Why Richard Davis Was Such a Good Banker

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Talk to anyone in the bank industry and they'll tell you the same thing: U.S. Bancorp's (NYSE: USB) Richard Davis is one of a kind. Not only is he highly respected for the type of person that he is, but also for what he brought to the table during his decade at the top of U.S. Bancorp. Listen in to this segment of Industry Focus: Financials, where we discuss what makes Davis one of the best bankers of the modern era.

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A full transcript follows the video.

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This video was recorded on Aug. 7, 2017.

Gaby Lapera: The bank is really well managed. Which actually leads us perfectly into our next person, which is Richard Davis, who has really shown us that great banks are really efficient. And the reason that Richard Davis kind of stands out is, he's not about cutting expenses. He thinks, if you need to spend money to have a really good underwriting program, then you spend money to have a really good underwriting program. Where he tries to improve things is bringing in more money.

John Maxfield: Right. Full disclosure, I'm a huge fan of Richard Davis, and he's been incredibly kind to me with his time and his knowledge over the past couple years. Of anyone that I've interacted with, he's probably taught me more about banking than anybody. There's a number of different things that he's taught me. The first is, driving efficiency at a bank is really important, because every bank has to earn a certain return on equity. If you're inefficient, if your costs are too high relative to your revenue, in order to earn that profitability that investors expect, you have to cut corners elsewhere. And where banks go to cut corners is their underwriting policy. Because fundamentally, what banks do is they sell money. And anybody wants to buy money so long as the price is right. If you go out and sell people money, make them loans to people who either shouldn't be having those loans, or the terms are too easy or the interest rate, i.e. the price, is too low, you're going to set yourself up for literally failure when the United States goes through, again, to go back to the very beginning, one of these 17 crises that we've gone through over the years, you're going to set yourself up for failure.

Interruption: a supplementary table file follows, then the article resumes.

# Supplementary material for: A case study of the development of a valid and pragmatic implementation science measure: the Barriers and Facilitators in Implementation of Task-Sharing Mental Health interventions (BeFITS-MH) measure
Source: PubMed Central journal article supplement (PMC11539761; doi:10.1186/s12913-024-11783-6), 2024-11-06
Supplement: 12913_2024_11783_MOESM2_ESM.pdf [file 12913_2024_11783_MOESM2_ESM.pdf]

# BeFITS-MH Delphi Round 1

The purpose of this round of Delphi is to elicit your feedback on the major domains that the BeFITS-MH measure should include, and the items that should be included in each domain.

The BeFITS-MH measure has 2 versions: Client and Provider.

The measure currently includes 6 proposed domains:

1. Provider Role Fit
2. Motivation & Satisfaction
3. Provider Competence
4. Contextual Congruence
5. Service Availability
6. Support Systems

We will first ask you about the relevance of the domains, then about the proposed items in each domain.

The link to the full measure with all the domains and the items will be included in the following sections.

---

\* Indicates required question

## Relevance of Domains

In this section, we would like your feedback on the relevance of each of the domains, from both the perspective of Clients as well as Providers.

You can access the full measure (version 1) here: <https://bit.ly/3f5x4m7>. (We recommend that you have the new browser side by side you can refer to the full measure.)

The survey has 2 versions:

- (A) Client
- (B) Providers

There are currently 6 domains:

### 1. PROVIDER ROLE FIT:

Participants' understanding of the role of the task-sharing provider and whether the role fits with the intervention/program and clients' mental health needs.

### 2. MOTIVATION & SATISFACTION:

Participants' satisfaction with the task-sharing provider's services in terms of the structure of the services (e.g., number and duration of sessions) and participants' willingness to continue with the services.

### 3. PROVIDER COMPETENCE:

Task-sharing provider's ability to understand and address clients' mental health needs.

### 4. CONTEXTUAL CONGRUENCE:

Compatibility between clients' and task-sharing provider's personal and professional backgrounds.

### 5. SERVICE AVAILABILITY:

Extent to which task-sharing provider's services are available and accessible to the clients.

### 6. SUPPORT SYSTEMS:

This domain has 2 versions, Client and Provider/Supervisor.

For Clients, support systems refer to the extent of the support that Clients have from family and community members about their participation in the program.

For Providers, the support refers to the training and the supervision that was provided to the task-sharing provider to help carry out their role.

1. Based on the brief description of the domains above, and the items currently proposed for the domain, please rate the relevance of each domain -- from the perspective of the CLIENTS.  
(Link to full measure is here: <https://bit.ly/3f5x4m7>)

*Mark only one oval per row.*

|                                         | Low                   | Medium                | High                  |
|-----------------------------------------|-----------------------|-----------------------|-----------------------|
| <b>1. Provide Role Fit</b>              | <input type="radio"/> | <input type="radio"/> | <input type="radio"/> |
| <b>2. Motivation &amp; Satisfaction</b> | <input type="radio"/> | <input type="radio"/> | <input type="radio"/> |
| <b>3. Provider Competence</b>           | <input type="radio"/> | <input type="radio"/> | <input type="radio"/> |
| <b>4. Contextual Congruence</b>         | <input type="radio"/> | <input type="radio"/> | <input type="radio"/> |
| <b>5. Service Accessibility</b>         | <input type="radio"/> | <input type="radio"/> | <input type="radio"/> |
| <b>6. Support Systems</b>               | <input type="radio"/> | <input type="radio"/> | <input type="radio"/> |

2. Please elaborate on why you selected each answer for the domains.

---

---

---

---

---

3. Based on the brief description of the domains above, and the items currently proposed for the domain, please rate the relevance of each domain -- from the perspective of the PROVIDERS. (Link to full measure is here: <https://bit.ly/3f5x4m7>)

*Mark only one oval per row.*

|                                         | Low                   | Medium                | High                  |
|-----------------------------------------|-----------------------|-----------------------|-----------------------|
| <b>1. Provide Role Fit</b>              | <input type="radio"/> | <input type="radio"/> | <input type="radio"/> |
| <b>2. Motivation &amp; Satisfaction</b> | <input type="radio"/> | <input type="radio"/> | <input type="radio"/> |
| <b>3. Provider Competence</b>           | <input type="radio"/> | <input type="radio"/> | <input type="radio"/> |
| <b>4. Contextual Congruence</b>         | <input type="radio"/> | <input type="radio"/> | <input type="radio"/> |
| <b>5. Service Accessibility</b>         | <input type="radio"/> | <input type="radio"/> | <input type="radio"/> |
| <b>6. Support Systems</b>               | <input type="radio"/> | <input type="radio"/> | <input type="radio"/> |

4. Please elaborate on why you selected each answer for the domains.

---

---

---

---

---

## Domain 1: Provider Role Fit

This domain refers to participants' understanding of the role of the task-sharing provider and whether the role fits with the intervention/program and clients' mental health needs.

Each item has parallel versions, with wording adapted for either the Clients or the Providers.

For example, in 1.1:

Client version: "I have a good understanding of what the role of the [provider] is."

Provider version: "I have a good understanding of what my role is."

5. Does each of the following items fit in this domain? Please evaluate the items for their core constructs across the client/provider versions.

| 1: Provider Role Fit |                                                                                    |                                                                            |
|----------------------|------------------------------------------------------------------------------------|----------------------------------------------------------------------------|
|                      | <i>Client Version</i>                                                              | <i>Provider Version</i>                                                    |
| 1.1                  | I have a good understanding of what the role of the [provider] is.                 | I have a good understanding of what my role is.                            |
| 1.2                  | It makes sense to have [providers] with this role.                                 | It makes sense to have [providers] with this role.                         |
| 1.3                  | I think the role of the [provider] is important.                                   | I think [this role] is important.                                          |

Well, Richard Davis, he understands this in a very fundamental way. He understands how important it is to run an efficient bank. What is so unique about Richard Davis and the way they run U.S. Bancorp -- and Richard Davis is now the chairman of U.S. Bancorp, he retired earlier this year. A guy by the name of Andy Cecere, it looks to me like he's running the bank in a very similar way to Richard Davis, which shouldn't be surprising because it looks like he was Davis' understudy at U.S. Bancorp. One of the things that Richard Davis has always said is, "The way to drive efficiency is not to reduce expenses on the bottom line," because what you're trying to do is widen that margin between revenue and expenses, "the way to do it, you drive efficiency through higher revenue." And it's just such a great way to think about banking that, whether you're a bank investor or a banker themselves, it's a great way to approach the profession.

Lapera: Yeah. His core message, when you think about it, is, never lower your standards.

Maxfield: That's exactly right. Another point he has made is that, in the wake of the financial crisis, investors are particularly discerning of banks. We saw Citigroup almost go under, we saw Bank of America almost go under. WaMu went under, Wachovia went under, National City went under. We had all these banks that ran into trouble, and investors are particularly discerning, it's fresh in their minds, they're very discerning. Another fundamental point, I call this Richard Davis' twin pillars of prudent and profitable banking. One is driving efficiency through revenue, and the second is focusing obsessively on your credit score. U.S. Bancorp has the top credit score in the entire bank industry in the United States, and that gives it enormous advantages, and it signals to investors that this is an incredibly well-run bank.

Gaby Lapera has no position in any of the stocks mentioned. John Maxfield owns shares of Bank of America and US Bancorp. The Motley Fool has no position in any of the stocks mentioned. The Motley Fool has a disclosure policy.